Recently updated on August 8th, 2022

Using Wi-Fi has become an important part of our daily life. Wi-Fi networks are increasingly accessible from just about everywhere including the workplace. However, businesses have a responsibility to secure their enterprise networks against hackers who could compromise sensitive information, steal data, or even install ransomware on company computers.

By protecting your network you are protecting your company’s data and its connected devices. Hackers look for networks with poor security to attack. Without the right security measures, a Wi-Fi network can be a convenient way for the wrong people to gain access.

Protecting your network follows the basic principles of network security. That is, protect your router, control access, and protect the data passing between routers and devices.

Protect your router

The router is a good starting point for improving your network’s defenses. When the default settings are used, hackers can navigate around known security issues to infiltrate a network. That’s why making these easy changes and keeping the firmware/software updated is so important.


  • Always use strong passwords
    • Make sure you change the default password!
    • Make it something complex, preferably 15+ characters long and using letters, numbers, and special characters (like @#$%).
    • Consider changing the password when an employee leaves the company.
  • Firewall or VPN
    • The more layers of defense the better. Routers often come with some sort of firewall.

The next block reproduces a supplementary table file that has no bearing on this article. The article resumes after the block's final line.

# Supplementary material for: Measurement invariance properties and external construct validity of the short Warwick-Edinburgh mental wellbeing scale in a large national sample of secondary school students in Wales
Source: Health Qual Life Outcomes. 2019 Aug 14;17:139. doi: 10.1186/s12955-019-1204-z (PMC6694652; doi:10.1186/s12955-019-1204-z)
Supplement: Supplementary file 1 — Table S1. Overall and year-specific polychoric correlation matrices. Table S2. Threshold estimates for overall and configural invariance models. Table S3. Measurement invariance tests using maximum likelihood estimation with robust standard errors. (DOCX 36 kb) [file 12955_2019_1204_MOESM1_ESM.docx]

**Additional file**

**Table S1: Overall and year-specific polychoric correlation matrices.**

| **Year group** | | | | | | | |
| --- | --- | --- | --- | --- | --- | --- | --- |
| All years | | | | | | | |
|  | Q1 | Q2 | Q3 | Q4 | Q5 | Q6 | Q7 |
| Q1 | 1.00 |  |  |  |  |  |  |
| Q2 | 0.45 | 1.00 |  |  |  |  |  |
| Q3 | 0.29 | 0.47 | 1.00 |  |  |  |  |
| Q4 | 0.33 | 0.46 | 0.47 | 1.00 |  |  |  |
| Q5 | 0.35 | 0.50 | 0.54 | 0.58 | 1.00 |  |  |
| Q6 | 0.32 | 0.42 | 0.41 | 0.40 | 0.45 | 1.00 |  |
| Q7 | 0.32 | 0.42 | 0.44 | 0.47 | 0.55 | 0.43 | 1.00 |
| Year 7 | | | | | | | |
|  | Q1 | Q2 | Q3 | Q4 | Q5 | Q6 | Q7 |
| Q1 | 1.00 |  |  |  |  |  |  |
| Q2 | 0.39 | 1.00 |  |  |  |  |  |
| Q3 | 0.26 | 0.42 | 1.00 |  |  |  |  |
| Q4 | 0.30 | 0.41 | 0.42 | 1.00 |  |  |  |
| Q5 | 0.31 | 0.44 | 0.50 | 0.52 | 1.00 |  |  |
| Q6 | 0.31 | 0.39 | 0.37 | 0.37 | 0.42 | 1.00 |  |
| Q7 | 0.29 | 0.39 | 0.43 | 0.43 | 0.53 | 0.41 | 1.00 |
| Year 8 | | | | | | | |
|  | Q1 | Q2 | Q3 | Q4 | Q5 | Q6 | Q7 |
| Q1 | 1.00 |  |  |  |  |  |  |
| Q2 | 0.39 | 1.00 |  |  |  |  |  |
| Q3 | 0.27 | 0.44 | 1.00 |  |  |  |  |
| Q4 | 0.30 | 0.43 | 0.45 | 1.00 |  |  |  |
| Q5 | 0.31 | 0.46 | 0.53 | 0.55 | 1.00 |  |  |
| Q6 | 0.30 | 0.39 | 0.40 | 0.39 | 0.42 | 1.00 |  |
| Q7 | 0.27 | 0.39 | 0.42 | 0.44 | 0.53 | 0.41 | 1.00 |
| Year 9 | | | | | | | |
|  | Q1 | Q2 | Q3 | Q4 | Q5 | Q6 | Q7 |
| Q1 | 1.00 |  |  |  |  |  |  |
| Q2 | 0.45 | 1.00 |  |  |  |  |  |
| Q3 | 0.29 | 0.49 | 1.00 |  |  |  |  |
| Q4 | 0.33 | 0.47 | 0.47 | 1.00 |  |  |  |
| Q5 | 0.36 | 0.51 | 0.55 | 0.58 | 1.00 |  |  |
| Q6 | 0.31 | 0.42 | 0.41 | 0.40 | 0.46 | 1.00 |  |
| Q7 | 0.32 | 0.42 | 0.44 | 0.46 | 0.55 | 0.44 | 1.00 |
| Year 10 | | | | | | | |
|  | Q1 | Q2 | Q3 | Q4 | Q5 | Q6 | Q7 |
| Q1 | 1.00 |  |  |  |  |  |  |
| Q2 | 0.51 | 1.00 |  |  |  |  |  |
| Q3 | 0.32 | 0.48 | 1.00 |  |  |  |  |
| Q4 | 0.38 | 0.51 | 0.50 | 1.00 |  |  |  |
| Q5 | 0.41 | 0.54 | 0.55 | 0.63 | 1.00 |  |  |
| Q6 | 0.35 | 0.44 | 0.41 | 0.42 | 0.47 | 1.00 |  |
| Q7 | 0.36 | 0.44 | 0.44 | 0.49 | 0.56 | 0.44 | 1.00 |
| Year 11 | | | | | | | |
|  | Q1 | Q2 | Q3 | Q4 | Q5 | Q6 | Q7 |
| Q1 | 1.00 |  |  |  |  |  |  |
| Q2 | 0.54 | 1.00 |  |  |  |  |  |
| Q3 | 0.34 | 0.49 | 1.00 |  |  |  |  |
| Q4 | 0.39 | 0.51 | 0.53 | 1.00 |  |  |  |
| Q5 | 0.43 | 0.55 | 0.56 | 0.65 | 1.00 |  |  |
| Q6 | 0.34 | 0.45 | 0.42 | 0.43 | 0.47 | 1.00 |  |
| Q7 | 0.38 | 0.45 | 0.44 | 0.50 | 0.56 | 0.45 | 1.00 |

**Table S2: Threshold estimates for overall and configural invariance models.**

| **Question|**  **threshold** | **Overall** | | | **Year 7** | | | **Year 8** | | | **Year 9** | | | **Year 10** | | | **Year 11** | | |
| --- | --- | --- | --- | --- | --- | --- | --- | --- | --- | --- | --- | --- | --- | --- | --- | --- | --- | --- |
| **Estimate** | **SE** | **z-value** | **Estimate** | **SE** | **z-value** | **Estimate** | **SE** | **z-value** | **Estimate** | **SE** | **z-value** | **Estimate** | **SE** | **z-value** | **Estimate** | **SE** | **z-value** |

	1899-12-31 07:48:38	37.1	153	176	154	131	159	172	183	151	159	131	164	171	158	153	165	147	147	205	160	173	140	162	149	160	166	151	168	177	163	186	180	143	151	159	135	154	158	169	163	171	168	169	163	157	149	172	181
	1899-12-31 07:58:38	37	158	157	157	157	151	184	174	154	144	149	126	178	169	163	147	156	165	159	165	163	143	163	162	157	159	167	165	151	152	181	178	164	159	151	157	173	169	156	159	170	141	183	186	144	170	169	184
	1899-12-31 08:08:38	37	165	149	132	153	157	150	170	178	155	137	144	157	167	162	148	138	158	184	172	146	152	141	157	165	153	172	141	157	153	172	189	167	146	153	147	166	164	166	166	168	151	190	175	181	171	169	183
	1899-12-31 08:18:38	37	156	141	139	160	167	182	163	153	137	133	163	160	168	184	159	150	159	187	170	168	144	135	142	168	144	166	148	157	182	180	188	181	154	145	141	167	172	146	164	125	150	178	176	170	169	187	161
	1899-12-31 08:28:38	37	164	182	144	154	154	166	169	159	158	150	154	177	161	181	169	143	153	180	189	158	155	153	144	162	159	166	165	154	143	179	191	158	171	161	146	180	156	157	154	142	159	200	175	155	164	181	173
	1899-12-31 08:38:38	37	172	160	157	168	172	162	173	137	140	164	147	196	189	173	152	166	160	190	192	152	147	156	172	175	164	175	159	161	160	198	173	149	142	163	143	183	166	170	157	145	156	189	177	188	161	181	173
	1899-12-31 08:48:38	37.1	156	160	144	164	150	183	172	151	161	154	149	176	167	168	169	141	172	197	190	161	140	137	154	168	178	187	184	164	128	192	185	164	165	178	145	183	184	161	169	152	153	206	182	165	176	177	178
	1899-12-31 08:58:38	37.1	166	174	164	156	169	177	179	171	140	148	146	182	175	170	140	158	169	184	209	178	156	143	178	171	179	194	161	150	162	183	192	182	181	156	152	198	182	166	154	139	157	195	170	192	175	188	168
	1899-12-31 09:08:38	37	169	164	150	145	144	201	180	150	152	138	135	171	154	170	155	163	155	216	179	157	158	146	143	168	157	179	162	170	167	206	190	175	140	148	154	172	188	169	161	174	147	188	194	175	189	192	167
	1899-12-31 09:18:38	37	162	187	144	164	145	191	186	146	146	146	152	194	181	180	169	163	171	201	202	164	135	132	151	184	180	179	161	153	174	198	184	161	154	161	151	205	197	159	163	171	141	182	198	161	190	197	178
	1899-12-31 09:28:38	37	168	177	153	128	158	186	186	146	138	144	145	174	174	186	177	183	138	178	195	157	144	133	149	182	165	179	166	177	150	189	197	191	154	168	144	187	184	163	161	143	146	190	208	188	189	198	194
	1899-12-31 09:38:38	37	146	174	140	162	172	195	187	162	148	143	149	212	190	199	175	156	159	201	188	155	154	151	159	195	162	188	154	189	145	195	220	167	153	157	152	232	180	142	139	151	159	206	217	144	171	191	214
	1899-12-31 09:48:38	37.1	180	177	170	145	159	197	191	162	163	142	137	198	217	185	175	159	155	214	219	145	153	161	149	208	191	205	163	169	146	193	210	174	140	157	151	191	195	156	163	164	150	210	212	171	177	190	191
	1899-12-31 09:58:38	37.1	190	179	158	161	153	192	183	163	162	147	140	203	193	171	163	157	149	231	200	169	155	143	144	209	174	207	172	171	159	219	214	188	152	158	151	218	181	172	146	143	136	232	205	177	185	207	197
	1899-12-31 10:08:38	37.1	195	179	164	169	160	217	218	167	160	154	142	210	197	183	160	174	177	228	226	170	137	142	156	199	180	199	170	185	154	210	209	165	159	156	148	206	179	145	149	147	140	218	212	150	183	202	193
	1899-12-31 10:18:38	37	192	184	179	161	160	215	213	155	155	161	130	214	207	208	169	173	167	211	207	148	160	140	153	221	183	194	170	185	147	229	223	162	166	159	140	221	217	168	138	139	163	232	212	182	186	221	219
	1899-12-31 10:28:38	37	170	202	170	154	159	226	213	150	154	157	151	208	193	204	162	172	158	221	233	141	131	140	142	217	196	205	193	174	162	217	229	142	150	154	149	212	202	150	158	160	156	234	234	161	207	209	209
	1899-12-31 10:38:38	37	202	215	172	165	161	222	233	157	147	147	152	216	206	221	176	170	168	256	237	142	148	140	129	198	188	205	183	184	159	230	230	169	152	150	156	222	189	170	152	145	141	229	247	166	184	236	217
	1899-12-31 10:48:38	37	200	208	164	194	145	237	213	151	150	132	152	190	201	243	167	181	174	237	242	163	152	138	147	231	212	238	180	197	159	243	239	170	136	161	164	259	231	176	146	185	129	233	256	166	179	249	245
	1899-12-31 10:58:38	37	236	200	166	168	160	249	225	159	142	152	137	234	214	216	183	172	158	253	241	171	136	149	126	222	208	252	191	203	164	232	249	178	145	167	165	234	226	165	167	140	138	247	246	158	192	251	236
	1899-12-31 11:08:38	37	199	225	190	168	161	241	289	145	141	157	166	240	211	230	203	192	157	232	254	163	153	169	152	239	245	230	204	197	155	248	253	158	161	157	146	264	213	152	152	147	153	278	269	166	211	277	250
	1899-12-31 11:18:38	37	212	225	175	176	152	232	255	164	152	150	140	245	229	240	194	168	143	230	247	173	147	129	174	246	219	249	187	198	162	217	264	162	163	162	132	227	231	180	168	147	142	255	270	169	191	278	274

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  • Keep it updated
    • Routers should be updated just like computers, and this provides patches for known vulnerabilities.

Control access

By controlling those who can access a network, you are limiting many simple attack vectors for hackers to use.


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  • Use a guest network
    • Create a Wi-Fi network for guests without access to secure information.
    • Since access to secure information would be limited on this account, it’s okay to use WPA for guest networks and SSID enabled.
  • Hide your network name SSID
    • There’s no need to draw hackers’ attention by making your Wi-Fi name public.
  • Watch for unauthorized access points
    • Look for devices on the network that shouldn’t have access.
    • You can ‘white-list’ the devices that are allowed to access your network by their MAC address (unique serial number).
  • Consider controlling signal strength
    • If your Wi-Fi signal does not reach the parking lot then hackers will have to get closer to reach the network (or use other tools to enhance the signal).

Protect your data

Stealing or compromising data is often the end goal for hackers, so protecting it is a top priority.


  • Enable network encryption
    • It is recommended to use WPA2 (Wi-Fi protected access), or better yet, WPA3 if available on your router.

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If you want more information on protecting your enterprise network, or need help after a hack, the professionals at Next Horizon are here to help.

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